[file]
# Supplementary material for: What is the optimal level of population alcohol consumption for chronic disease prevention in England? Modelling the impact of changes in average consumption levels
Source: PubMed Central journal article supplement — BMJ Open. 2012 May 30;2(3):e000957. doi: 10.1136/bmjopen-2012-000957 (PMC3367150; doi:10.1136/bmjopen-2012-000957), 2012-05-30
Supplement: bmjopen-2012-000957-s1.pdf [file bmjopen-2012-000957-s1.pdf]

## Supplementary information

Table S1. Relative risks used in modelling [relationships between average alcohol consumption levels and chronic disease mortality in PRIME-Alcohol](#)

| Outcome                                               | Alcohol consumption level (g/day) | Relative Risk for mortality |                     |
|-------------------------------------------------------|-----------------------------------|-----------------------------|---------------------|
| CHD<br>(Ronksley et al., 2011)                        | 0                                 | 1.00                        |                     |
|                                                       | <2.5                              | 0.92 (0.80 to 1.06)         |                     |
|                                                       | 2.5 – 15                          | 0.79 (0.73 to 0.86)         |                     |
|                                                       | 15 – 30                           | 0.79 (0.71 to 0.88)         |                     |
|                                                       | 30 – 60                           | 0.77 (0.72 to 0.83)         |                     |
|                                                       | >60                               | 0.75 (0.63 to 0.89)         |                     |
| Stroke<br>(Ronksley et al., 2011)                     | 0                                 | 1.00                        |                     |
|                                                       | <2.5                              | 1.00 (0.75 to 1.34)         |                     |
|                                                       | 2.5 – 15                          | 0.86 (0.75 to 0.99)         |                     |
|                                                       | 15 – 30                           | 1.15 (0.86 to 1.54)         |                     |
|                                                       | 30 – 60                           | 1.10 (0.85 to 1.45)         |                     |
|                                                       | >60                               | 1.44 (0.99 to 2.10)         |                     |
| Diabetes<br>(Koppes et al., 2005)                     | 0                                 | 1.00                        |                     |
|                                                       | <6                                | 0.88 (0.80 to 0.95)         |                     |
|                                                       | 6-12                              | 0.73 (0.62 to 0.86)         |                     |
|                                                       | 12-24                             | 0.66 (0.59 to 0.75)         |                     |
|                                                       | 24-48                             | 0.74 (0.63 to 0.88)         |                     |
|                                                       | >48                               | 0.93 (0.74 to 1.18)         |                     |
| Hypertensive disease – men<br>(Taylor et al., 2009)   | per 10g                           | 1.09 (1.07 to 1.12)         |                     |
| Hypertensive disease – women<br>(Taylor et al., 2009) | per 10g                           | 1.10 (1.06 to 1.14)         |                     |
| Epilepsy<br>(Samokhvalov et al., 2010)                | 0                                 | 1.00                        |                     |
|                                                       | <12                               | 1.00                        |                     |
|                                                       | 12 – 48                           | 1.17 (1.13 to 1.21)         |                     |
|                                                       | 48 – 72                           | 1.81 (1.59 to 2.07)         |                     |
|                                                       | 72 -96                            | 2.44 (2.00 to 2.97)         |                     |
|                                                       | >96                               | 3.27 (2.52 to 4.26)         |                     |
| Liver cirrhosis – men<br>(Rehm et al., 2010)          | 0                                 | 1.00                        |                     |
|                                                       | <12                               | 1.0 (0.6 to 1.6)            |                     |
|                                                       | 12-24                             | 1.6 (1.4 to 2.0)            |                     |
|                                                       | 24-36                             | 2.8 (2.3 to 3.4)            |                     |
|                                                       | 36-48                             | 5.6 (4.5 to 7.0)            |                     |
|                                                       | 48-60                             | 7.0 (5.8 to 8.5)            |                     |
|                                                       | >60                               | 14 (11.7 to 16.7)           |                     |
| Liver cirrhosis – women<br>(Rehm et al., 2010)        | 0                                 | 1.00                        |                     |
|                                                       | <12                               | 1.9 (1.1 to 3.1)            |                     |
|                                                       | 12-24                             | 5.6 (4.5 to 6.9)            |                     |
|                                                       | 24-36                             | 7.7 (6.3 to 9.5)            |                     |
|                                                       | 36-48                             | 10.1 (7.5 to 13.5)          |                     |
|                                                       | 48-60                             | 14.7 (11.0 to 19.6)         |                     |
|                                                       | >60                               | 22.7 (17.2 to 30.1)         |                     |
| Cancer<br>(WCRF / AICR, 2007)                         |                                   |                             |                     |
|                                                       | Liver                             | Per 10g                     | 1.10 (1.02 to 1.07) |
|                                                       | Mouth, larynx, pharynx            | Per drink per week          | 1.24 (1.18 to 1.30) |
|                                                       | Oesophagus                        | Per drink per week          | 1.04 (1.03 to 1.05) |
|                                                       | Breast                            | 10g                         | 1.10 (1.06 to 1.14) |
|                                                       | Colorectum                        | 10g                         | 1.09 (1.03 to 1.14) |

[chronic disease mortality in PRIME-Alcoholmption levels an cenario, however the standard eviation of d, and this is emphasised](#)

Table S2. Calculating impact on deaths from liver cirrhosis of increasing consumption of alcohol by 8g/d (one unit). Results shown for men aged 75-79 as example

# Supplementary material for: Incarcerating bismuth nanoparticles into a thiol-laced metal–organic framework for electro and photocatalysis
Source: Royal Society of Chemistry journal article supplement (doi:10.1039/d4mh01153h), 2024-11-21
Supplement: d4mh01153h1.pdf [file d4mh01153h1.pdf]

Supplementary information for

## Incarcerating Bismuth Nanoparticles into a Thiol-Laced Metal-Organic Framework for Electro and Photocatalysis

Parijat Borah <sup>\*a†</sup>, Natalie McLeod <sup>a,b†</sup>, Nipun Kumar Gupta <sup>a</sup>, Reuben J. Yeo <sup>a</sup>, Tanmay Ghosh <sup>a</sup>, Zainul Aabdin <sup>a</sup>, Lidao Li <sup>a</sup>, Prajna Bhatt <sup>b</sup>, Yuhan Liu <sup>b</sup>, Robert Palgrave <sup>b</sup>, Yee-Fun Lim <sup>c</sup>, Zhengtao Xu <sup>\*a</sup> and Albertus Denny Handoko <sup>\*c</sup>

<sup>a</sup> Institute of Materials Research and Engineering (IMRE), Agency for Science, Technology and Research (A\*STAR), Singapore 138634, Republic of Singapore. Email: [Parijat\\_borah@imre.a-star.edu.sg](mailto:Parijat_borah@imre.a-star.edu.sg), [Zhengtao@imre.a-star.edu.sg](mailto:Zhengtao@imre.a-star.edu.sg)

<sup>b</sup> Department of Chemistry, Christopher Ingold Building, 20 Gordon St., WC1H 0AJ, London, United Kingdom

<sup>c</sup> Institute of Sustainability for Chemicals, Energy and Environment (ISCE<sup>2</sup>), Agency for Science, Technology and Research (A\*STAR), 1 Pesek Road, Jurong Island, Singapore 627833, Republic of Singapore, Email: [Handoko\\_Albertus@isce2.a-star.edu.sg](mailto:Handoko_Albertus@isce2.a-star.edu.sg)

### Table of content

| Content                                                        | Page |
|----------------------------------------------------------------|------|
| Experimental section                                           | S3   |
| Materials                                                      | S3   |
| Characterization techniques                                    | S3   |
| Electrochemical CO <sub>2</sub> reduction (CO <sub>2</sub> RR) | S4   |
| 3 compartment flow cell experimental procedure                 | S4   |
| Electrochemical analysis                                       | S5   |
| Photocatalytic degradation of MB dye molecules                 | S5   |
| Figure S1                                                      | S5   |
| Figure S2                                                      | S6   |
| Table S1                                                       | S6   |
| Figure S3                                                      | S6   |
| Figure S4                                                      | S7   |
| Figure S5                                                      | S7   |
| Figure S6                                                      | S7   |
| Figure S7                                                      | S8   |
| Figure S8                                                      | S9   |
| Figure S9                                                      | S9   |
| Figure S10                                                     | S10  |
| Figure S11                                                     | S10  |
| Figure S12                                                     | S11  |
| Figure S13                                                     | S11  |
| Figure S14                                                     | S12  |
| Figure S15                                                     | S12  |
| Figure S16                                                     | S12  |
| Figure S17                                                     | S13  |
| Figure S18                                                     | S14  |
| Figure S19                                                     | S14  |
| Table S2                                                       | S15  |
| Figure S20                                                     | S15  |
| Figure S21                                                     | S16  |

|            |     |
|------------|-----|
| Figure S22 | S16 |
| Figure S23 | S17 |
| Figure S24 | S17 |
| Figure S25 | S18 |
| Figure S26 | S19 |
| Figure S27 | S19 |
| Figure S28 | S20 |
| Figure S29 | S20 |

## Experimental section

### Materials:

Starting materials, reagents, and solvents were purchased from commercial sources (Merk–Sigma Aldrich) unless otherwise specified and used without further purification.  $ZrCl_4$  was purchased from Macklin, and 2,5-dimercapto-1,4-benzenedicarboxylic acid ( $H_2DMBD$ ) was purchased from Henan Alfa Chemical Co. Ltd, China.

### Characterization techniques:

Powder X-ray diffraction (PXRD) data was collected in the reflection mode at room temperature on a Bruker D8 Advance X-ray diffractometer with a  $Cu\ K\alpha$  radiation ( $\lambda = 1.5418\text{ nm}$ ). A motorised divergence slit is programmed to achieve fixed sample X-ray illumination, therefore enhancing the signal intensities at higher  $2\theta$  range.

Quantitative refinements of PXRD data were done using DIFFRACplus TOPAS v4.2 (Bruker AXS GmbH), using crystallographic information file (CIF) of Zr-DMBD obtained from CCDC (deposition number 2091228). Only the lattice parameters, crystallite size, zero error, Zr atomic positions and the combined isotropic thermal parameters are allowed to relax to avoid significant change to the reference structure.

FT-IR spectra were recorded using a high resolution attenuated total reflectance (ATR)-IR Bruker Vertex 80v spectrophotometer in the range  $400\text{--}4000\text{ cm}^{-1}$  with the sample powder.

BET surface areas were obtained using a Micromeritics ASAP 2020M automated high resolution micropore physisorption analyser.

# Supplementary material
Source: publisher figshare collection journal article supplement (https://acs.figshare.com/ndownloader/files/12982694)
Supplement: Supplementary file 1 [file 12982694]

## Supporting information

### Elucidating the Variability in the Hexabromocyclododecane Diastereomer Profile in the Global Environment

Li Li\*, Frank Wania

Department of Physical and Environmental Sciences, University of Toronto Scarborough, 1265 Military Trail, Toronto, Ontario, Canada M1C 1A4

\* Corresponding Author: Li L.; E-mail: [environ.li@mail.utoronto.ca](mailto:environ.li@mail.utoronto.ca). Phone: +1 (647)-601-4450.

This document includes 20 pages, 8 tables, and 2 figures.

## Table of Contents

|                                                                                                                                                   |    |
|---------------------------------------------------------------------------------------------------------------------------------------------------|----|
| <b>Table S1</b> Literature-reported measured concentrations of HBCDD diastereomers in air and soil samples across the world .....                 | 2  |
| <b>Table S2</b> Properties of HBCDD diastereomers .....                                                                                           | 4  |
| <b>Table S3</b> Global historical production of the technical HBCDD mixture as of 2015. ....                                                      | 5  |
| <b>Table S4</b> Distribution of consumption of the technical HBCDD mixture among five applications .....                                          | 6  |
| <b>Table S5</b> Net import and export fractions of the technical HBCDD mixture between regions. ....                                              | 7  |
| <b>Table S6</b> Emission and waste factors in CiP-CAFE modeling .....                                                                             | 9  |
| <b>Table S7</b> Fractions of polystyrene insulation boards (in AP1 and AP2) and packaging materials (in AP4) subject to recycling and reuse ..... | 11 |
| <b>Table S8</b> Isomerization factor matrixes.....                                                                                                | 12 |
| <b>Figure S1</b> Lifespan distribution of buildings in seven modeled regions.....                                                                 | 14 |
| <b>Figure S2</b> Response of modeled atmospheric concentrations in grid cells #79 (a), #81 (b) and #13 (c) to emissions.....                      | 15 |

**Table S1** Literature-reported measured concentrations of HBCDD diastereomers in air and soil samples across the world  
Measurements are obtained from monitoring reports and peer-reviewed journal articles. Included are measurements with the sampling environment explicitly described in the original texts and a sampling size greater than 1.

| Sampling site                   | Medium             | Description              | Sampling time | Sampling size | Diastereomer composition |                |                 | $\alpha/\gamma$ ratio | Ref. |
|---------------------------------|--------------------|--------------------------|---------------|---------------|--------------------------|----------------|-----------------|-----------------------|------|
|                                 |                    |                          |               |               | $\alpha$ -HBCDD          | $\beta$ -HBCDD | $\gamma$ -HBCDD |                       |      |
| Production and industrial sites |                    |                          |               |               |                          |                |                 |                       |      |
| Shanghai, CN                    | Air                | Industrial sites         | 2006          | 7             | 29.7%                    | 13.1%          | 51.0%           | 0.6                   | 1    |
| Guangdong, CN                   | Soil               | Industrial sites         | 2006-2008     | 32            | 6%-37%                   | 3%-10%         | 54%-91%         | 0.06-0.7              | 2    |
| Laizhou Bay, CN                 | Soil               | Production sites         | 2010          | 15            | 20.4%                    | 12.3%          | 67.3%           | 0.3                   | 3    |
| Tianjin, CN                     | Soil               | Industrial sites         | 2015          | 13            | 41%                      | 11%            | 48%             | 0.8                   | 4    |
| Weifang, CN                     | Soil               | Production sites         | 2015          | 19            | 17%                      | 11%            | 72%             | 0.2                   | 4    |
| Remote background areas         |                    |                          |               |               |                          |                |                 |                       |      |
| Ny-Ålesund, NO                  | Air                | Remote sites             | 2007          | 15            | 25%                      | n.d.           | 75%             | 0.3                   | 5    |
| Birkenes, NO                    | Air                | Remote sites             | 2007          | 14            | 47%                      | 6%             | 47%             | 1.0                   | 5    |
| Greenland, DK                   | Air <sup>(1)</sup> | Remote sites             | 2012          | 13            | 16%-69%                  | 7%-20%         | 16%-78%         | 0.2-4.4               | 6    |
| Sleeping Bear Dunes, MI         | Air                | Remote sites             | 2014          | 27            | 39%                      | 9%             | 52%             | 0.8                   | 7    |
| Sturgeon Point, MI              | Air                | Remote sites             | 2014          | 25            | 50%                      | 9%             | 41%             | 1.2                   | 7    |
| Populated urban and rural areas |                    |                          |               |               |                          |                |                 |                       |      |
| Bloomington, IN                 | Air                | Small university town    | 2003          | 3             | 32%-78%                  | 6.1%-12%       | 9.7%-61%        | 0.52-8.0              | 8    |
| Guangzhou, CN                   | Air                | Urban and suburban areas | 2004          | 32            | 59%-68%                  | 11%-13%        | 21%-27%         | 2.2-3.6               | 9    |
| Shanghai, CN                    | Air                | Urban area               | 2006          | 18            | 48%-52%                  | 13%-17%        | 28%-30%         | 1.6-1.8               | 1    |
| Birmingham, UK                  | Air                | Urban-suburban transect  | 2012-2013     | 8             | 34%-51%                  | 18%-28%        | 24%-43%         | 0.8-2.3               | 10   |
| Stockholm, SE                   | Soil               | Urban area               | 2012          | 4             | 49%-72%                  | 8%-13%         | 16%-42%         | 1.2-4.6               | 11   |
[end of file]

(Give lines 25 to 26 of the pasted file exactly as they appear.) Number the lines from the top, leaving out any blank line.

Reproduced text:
|                                                       | >48                               | 0.93 (0.74 to 1.18)         |                     |
| Hypertensive disease – men<br>(Taylor et al., 2009)   | per 10g                           | 1.09 (1.07 to 1.12)         |                     |